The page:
Chances are, you’ve stumbled upon John Atkinson’s work before. His cartoons comment on everything from social media to mathematics, from history to popular culture. His work, which you’ll find on his blog, Wrong Hands — and most recently in the last twenty issues of Time — is very accessible: his humor translates across cultures and generations. Here, we’re excited to chat with the Ottawa, Ontario-based artist about his work.
What’s the story behind your blog name, Wrong Hands?
I call it Wrong Hands for two reasons. One, it’s a play on the idiom when something “falls into the wrong hands” — you never know how it might be perceived or interpreted. And two, I’m left-handed and I draw all of the cartoons directly on the computer using my right hand.
I’m left-handed and I draw all of the cartoons directly on the computer using my right hand.
Your work appeals to a wide audience. Who do you illustrate for?
I would like my work to be accessible to everyone. I think there are a lot of universal truths that people can relate to, so I try to address those in my work — sometimes more successfully than others. Mostly, however, I illustrate for myself. If it makes me chuckle, I’m happy with it.
When I spot one of your cartoons out in the internet wild, I know it’s yours. Can you talk a bit about your style? Any major influences over time?
My style is simply the way I draw. Over time I’ve refined certain things, made them more consistent or cleaner, but it hasn’t changed dramatically. I think the best cartoons have a certain recognizable style, not only in their drawings but in their humor. I’ve always loved the work of Gary Larson and Roz Chast but there are many, many cartoonists and humorists who have influenced me over the years.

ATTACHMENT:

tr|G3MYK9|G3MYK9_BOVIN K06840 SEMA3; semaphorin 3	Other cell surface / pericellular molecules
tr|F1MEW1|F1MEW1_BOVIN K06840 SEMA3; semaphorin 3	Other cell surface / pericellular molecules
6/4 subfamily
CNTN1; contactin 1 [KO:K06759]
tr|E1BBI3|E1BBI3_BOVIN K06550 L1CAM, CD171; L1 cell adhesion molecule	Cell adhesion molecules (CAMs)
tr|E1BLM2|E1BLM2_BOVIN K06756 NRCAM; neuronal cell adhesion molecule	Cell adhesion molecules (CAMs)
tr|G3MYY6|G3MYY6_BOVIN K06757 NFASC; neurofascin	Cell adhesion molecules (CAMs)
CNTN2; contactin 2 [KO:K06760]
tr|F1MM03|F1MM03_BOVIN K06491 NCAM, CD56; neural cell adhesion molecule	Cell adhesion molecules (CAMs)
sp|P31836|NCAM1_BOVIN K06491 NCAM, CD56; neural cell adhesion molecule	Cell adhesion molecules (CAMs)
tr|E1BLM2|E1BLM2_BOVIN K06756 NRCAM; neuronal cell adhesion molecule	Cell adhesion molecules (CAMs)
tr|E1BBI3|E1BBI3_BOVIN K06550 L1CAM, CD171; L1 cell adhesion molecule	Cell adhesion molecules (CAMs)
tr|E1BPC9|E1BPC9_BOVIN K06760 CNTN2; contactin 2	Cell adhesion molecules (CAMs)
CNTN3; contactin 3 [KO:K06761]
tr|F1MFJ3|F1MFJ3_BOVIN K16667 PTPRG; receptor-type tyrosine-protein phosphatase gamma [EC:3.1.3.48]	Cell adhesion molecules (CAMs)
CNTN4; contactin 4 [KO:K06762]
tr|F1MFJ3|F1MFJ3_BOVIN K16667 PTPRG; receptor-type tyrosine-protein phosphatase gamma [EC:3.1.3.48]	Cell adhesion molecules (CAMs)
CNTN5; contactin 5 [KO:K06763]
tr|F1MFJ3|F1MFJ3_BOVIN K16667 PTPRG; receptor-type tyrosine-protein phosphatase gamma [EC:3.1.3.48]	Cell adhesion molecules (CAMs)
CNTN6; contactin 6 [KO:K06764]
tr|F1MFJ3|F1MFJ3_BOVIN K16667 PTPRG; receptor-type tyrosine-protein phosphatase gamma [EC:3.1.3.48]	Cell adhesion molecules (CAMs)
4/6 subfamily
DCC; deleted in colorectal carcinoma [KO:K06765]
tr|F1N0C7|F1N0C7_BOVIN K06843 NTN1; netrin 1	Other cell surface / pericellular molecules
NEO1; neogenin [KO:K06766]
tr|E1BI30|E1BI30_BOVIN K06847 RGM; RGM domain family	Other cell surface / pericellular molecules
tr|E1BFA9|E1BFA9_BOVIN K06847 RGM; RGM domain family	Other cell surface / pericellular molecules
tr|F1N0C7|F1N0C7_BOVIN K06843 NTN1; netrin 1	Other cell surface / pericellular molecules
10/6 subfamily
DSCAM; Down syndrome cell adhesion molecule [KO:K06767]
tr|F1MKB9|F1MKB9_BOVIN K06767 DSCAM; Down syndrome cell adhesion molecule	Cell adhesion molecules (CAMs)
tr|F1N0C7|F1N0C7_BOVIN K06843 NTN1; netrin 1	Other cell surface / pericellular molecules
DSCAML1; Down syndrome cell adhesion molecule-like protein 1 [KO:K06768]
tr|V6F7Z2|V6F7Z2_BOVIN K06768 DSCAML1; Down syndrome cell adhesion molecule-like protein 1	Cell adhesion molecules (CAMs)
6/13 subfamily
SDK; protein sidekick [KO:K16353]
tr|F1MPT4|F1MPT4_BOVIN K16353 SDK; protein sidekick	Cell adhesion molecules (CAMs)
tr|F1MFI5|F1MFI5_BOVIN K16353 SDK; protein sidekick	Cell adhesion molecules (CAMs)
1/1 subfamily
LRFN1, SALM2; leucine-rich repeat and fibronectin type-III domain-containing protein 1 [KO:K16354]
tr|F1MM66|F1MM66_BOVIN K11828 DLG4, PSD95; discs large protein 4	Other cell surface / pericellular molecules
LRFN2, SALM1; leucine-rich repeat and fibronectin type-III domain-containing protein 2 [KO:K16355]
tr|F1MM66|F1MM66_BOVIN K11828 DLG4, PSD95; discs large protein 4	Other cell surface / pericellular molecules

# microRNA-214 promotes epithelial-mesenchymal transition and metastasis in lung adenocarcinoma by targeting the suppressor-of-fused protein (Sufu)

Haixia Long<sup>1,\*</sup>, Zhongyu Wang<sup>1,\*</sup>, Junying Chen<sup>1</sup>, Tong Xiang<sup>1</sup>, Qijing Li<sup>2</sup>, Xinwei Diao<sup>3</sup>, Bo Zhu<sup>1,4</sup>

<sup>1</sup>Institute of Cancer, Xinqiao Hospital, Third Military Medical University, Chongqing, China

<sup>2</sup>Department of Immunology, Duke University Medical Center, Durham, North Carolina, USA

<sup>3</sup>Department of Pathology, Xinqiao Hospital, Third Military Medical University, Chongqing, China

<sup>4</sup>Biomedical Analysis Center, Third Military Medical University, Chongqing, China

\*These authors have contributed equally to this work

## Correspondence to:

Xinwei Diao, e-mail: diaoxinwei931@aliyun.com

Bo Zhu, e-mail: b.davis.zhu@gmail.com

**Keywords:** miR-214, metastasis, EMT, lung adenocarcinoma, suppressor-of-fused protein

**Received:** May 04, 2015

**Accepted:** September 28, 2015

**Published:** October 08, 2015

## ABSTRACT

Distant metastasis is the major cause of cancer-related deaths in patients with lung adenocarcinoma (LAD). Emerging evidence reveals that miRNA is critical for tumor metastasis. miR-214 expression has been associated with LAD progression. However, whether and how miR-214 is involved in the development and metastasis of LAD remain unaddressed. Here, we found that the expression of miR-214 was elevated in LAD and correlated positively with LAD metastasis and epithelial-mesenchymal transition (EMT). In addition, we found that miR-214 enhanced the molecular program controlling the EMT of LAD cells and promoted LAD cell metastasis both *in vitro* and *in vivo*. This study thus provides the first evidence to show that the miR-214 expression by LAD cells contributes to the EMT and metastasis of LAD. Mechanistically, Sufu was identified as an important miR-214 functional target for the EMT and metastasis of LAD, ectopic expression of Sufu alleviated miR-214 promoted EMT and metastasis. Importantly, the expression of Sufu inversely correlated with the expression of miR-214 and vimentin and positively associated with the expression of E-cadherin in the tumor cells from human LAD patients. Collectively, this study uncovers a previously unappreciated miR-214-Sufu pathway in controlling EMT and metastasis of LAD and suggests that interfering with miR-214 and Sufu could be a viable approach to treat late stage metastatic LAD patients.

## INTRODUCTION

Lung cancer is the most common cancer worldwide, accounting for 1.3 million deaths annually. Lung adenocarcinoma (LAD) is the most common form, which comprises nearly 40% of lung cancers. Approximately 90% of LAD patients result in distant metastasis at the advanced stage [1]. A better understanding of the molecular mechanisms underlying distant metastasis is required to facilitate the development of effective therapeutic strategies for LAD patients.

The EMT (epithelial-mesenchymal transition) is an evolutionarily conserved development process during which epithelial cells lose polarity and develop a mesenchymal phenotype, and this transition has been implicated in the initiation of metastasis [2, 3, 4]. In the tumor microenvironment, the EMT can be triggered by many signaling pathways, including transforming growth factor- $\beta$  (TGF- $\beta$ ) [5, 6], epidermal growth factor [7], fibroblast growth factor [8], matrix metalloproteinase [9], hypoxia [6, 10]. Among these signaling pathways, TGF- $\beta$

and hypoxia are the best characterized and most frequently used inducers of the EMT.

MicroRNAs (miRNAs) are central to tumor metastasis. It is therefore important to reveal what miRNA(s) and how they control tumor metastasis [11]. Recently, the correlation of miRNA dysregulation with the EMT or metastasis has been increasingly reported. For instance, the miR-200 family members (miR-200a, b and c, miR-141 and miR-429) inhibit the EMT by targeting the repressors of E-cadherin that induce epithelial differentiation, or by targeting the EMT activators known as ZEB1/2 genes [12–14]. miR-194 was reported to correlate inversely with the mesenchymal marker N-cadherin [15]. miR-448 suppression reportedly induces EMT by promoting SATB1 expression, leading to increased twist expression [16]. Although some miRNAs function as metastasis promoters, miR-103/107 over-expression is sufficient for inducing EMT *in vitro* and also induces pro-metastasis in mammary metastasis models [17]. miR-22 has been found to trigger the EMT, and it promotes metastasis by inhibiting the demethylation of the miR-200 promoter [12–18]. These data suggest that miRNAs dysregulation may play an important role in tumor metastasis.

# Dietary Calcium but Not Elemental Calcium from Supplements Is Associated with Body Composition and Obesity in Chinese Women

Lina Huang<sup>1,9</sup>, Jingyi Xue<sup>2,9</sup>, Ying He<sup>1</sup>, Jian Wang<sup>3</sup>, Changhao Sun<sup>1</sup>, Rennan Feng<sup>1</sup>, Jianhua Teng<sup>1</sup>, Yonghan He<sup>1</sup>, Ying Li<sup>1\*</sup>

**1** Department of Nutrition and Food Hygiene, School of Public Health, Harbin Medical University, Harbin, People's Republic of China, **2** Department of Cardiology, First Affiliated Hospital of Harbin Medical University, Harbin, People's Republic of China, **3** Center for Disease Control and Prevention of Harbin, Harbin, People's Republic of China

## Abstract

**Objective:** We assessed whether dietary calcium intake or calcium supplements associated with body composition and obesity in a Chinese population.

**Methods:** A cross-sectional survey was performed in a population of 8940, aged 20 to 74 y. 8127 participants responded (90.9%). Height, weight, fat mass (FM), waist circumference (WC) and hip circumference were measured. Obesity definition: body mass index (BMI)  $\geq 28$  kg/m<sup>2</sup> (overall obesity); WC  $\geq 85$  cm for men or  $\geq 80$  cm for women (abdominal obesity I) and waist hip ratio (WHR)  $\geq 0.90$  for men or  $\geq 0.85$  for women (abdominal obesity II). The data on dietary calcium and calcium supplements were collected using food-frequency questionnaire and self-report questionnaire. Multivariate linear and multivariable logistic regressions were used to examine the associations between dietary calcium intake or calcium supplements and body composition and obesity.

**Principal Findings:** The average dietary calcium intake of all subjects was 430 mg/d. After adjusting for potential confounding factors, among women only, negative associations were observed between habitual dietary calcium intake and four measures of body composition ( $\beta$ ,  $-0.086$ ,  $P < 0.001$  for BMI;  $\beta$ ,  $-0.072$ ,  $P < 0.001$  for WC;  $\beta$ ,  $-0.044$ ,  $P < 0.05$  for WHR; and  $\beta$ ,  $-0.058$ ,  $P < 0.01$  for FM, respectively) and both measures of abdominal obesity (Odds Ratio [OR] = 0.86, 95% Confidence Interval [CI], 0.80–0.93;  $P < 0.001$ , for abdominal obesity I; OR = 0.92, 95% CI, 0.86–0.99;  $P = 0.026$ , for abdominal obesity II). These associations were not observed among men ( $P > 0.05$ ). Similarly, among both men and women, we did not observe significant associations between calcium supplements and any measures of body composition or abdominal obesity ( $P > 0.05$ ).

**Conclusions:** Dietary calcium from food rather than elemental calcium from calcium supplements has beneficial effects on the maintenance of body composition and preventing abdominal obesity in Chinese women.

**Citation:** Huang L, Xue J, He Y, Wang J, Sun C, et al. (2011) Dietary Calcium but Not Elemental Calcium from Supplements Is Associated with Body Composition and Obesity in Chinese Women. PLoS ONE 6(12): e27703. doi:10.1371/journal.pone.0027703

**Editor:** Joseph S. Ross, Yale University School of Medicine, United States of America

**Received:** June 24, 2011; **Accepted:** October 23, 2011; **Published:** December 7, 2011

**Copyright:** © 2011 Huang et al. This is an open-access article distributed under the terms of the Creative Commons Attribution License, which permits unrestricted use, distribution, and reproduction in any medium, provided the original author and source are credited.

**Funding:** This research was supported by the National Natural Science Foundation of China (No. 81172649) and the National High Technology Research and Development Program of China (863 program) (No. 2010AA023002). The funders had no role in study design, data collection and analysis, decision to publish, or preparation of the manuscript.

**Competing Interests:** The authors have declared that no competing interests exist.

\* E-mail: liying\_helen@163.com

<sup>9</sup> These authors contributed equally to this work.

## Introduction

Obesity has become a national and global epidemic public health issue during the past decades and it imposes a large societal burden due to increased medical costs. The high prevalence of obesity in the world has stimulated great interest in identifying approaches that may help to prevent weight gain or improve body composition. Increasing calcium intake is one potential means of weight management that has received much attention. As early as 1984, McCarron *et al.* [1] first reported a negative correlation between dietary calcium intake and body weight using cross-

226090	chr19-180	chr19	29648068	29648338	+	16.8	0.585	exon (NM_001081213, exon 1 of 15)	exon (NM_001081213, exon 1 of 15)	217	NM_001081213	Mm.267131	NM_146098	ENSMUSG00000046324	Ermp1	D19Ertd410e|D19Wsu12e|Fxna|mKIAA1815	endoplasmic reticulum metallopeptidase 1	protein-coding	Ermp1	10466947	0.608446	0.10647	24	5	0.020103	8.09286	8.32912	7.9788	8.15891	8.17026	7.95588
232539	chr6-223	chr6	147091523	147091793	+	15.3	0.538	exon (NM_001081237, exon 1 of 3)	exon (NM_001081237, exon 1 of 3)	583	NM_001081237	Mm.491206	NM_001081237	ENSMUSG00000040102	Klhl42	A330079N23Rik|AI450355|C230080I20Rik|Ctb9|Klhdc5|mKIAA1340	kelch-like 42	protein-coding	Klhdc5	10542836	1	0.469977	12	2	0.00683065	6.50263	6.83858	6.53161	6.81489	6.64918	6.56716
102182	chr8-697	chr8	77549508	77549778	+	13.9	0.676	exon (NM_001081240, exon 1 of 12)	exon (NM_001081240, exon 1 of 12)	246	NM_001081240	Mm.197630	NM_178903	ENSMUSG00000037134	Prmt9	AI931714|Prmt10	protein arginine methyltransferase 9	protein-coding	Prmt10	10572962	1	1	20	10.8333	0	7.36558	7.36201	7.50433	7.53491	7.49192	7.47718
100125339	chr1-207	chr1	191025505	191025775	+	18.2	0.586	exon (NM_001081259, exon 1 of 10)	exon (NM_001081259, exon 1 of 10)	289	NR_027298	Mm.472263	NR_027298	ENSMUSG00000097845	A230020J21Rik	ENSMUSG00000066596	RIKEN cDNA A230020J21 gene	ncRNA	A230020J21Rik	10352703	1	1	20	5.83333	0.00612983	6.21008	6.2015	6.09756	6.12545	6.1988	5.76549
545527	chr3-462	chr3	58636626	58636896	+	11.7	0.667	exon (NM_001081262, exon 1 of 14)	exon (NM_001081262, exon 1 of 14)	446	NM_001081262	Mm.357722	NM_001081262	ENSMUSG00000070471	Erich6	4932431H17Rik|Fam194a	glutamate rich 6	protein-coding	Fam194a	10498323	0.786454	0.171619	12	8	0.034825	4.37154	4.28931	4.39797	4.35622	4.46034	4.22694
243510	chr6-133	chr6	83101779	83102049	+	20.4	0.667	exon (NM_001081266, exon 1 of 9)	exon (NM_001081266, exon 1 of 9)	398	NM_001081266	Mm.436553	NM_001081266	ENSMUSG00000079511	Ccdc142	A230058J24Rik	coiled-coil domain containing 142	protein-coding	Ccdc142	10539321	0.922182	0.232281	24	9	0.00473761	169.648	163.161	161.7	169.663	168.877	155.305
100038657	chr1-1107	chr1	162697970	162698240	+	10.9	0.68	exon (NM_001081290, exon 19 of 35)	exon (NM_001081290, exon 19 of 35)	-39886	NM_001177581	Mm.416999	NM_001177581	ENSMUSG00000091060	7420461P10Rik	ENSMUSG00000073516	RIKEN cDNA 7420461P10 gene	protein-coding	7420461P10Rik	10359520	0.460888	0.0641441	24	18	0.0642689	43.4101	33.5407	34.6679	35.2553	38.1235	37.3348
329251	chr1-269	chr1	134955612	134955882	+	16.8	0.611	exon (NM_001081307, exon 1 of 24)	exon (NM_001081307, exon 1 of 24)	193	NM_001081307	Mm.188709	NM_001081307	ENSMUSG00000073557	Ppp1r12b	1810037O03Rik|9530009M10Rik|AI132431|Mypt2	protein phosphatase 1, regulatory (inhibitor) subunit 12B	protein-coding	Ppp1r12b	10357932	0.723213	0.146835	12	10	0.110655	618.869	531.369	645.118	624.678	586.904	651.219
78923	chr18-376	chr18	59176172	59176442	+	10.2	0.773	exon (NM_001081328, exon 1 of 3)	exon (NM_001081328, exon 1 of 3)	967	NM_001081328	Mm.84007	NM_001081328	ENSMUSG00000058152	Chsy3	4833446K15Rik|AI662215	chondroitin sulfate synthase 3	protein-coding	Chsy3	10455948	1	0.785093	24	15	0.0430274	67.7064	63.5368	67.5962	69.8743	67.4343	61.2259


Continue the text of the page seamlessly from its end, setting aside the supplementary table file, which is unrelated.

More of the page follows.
Which cartoons generate the biggest response? Which ones don’t perform as well?
By far, the most popular are the ones about social media and technology. Social media is the primary vehicle on which my cartoons are distributed, so it makes sense. Also, the “Anatomy of…” series seems to strike a chord with a lot of people. The ones that perform the weakest are probably the more traditional, one-liner cartoons. They would probably perform better distributed in traditional print, but I haven’t had the opportunity to explore that yet.
I love your work that comments on our technological habits. You’re an active blogger, with a Facebook and Twitter presence, so it appears you’ve embraced online platforms. How has the digital age changed you and your work over time?
I wouldn’t say I’ve embraced the digital age, but I don’t have any disdain for it either. I just roll with it. Online sharing and distribution offer an opportunity for everyone to have a voice. It always amazes me that I can post a cartoon and two minutes later get a response from someone halfway around the world. That’s the beauty of online platforms!
On the other hand, technology changes so rapidly — it can be quite daunting at times. I suppose that’s where the technology cartoons come from: a way of slowing things down a little and grounding myself.
I suppose that’s where the technology cartoons come from: a way of slowing things down a little and grounding myself
One thing I love about your cartoons is you deftly balance words and images. Even the cartoons with more text, like your “Anatomy of…” series, provide the right amount of context and information. When you get an idea for a cartoon, how do you approach it?
Ideas for cartoons come from just about everywhere. I usually carry a little notebook around with me. Most of what I jot down is gibberish, but some of the scribbles evolve into cartoons. The cartoons normally go through a few drafts and often the end result isn’t what I had intended. My son Jacob is a creative consultant on some of the more involved cartoons.
Getting the idea across in the simplest most succinct way and still keeping the humor isn’t always easy.
Highlights from the “Anatomy of” Series:
What’s your favorite cartoon or series you’ve published on your blog?
I really don’t have a favorite. Usually the one I’m currently working on is my favorite. But by the time it’s finished, I’m a little tired of it and begin a new one which instantly becomes my new “favorite” — it’s a vicious circle. The series that has been the most successful is probably the “Anatomy of…” ones. They certainly generate the most traffic and comments. Everyone wants to weigh in with their own opinion. They’re a lot of fun to do.
If you could give one piece of advice to an aspiring cartoonist starting their first blog, what would it be?
Don’t take yourself too seriously.